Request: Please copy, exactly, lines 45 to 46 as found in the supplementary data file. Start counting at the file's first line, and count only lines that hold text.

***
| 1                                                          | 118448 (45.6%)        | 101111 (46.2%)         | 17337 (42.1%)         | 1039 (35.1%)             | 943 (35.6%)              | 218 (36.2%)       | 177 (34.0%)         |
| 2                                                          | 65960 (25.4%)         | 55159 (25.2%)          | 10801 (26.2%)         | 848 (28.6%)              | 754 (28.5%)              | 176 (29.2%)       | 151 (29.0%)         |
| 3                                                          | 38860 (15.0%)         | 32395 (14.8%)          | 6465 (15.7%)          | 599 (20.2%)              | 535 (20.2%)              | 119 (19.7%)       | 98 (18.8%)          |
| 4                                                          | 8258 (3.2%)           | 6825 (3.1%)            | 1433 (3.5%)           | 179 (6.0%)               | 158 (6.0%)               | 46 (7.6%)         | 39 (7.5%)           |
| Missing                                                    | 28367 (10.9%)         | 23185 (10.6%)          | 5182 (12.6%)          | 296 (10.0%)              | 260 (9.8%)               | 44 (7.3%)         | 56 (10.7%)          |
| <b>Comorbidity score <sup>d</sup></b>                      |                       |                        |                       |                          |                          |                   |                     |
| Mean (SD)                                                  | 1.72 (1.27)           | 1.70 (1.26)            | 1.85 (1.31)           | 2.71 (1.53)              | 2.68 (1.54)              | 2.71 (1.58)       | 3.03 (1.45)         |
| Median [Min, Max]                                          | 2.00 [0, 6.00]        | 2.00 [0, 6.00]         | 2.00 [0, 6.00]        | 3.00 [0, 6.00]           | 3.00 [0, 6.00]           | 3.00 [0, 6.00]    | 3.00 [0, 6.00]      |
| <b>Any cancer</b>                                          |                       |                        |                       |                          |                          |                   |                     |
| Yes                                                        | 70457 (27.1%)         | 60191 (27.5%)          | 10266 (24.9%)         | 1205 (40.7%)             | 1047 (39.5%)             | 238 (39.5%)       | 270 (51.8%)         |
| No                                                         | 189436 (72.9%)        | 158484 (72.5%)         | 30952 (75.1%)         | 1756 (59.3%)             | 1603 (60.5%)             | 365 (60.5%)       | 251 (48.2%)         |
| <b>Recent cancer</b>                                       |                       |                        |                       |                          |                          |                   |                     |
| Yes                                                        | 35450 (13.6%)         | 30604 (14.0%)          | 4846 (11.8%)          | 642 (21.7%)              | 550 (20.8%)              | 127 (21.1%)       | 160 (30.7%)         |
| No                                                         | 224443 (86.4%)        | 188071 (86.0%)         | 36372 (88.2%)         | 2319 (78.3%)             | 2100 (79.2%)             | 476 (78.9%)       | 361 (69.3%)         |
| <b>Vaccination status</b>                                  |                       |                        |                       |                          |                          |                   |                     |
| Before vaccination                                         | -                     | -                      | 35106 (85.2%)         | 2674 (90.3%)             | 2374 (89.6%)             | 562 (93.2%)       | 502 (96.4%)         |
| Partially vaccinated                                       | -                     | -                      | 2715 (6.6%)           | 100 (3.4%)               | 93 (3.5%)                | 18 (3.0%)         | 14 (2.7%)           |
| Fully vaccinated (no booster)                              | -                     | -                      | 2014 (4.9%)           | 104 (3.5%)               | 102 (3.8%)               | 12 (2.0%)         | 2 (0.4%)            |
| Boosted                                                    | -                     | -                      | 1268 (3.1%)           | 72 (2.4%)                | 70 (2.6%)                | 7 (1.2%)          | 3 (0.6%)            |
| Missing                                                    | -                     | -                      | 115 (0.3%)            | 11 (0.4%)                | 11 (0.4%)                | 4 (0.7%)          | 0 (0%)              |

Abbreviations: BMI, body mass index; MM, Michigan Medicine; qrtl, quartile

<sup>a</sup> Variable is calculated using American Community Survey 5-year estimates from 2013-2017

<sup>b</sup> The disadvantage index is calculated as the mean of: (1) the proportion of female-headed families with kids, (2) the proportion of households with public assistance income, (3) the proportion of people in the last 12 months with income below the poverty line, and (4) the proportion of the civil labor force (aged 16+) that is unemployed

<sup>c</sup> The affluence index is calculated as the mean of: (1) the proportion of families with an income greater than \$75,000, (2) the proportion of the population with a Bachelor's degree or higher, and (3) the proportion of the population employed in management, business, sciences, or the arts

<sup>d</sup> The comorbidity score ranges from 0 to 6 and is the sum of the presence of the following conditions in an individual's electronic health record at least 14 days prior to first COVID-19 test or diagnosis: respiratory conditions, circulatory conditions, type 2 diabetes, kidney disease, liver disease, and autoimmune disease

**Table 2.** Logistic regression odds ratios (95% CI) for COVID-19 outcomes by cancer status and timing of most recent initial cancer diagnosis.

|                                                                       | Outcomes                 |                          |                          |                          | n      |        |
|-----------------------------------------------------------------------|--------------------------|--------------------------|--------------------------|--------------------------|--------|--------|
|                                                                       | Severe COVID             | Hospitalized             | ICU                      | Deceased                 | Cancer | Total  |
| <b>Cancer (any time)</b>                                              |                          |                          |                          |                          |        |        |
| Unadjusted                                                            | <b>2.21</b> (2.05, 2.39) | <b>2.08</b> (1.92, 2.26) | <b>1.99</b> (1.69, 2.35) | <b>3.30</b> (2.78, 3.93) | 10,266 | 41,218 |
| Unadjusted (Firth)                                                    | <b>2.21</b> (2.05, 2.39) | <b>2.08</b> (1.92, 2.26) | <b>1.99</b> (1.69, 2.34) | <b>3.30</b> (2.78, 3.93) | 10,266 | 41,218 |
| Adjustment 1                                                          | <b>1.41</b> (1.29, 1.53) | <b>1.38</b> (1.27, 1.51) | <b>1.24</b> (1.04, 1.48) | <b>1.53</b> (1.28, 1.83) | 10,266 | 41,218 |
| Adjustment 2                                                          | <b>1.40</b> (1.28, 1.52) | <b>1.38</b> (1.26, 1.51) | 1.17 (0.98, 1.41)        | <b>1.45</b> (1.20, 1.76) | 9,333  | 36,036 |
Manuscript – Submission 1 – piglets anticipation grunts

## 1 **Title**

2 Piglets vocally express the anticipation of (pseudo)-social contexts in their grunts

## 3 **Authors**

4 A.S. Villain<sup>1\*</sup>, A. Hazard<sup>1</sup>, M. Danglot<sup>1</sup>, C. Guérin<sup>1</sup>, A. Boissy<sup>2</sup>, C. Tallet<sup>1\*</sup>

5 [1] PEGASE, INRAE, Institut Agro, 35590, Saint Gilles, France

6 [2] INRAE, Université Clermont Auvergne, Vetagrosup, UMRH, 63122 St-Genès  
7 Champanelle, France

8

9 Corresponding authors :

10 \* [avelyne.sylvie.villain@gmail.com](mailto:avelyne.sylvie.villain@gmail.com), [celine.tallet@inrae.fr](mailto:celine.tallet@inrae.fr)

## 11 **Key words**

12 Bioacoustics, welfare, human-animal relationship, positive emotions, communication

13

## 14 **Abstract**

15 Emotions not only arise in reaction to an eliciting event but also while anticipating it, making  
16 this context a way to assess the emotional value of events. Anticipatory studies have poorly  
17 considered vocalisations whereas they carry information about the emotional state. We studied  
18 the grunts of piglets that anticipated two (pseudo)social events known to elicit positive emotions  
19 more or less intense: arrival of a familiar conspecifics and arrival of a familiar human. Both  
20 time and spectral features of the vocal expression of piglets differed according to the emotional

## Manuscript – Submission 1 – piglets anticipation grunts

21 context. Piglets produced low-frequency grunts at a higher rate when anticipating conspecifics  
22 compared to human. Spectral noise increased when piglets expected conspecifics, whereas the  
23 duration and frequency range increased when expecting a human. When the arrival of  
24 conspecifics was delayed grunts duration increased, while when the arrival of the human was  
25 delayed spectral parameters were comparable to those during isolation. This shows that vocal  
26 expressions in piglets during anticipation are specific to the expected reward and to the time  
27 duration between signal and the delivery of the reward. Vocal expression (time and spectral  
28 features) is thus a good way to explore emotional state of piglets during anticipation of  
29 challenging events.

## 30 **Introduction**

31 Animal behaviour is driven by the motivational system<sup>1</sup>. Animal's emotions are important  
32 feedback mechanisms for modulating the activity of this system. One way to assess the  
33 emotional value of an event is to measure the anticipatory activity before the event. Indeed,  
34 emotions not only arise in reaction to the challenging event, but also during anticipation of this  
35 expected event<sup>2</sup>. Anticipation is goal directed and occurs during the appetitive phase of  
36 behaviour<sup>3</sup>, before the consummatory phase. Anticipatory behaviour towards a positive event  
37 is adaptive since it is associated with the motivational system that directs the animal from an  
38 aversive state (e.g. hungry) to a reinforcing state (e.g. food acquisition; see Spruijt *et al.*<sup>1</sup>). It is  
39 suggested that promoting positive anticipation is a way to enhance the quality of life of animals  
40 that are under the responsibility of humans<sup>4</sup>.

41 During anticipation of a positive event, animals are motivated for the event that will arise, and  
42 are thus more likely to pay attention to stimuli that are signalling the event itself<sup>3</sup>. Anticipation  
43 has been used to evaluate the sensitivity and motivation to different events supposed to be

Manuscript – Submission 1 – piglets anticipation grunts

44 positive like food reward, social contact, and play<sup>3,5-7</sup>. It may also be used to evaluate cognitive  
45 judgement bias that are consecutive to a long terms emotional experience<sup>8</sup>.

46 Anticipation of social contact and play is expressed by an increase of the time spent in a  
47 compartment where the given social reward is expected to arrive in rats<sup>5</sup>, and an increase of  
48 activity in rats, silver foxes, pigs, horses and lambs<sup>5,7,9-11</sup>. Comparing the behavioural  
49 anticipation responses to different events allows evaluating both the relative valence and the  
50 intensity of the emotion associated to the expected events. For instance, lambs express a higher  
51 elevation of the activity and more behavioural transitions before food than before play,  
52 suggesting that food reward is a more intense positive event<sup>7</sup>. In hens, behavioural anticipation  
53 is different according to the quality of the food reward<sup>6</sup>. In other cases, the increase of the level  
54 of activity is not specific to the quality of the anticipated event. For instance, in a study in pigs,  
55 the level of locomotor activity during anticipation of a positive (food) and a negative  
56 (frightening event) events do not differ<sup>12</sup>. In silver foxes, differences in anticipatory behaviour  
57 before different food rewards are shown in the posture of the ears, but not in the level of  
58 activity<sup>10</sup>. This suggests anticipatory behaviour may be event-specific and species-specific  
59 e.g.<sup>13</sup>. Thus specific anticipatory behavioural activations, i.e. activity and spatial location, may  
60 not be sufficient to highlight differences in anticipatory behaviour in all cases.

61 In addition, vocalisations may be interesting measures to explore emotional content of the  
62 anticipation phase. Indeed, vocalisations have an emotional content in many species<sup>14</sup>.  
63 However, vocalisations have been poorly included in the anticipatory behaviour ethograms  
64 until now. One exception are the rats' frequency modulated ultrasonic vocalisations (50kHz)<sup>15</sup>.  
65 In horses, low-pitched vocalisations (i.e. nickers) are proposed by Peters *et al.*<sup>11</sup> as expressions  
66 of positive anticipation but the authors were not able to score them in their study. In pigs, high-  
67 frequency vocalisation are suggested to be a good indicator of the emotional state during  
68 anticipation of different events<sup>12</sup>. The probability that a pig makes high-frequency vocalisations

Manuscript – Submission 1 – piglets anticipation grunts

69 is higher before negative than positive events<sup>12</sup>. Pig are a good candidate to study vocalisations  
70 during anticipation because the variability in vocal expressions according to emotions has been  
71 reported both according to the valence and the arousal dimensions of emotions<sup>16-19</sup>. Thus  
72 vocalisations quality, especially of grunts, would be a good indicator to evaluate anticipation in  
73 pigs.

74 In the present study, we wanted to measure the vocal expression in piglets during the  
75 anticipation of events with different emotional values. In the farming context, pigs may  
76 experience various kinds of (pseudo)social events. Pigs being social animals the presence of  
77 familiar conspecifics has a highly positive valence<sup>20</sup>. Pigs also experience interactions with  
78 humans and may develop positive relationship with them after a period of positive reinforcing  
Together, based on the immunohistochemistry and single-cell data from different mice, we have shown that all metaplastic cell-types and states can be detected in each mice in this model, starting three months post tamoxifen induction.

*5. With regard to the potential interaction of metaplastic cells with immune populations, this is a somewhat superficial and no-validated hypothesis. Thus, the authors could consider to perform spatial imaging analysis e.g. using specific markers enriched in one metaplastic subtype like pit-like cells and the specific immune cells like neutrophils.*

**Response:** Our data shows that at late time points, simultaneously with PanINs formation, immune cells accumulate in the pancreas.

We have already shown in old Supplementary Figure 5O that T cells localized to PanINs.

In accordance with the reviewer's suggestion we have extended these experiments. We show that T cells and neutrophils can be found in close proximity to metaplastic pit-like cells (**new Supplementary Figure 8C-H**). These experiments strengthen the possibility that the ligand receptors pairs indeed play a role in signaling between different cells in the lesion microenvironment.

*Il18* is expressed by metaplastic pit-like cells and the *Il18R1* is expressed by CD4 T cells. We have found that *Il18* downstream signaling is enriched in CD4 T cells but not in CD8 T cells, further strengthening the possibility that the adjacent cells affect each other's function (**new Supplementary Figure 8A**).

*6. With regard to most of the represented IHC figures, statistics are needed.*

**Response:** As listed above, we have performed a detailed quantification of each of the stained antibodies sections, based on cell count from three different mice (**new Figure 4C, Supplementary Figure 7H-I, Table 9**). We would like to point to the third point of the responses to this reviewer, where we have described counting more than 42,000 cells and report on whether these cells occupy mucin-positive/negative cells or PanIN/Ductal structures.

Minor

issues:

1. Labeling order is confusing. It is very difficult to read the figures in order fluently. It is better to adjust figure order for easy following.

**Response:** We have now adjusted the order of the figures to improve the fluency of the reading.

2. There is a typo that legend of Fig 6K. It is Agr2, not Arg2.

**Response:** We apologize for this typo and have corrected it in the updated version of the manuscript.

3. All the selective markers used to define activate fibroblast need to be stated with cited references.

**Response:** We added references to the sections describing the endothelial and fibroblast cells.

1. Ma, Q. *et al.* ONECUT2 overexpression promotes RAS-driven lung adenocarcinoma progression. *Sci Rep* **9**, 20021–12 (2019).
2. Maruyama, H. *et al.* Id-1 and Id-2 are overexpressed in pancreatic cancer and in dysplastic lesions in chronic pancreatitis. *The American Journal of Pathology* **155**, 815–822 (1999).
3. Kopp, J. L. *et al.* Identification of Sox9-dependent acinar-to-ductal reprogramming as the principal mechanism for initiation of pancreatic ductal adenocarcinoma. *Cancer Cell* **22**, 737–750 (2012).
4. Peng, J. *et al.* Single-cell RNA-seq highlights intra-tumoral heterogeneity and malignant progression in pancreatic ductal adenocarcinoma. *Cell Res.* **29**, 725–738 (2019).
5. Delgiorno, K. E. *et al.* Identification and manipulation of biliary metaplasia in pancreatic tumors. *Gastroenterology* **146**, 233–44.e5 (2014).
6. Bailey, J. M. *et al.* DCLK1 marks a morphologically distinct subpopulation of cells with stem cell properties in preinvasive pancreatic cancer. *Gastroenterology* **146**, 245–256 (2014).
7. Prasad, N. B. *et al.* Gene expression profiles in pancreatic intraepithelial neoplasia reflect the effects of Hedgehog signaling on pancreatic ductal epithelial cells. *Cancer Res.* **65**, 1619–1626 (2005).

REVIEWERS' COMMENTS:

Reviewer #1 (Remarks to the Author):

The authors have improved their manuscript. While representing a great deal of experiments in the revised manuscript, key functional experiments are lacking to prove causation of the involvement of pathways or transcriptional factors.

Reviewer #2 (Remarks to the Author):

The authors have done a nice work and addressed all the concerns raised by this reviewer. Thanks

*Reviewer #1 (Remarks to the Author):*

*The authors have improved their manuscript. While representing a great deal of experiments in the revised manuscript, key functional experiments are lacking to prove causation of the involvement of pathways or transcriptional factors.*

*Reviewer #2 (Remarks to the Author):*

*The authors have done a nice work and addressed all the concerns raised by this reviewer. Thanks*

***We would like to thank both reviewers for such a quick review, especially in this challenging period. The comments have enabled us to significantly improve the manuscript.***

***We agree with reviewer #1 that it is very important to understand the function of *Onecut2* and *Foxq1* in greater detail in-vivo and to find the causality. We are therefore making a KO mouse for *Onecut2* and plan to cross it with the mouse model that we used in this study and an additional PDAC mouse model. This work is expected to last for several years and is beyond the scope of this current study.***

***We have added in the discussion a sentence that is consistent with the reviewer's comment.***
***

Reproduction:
10 \* [avelyne.sylvie.villain@gmail.com](mailto:avelyne.sylvie.villain@gmail.com), [celine.tallet@inrae.fr](mailto:celine.tallet@inrae.fr)

## 11 **Key words**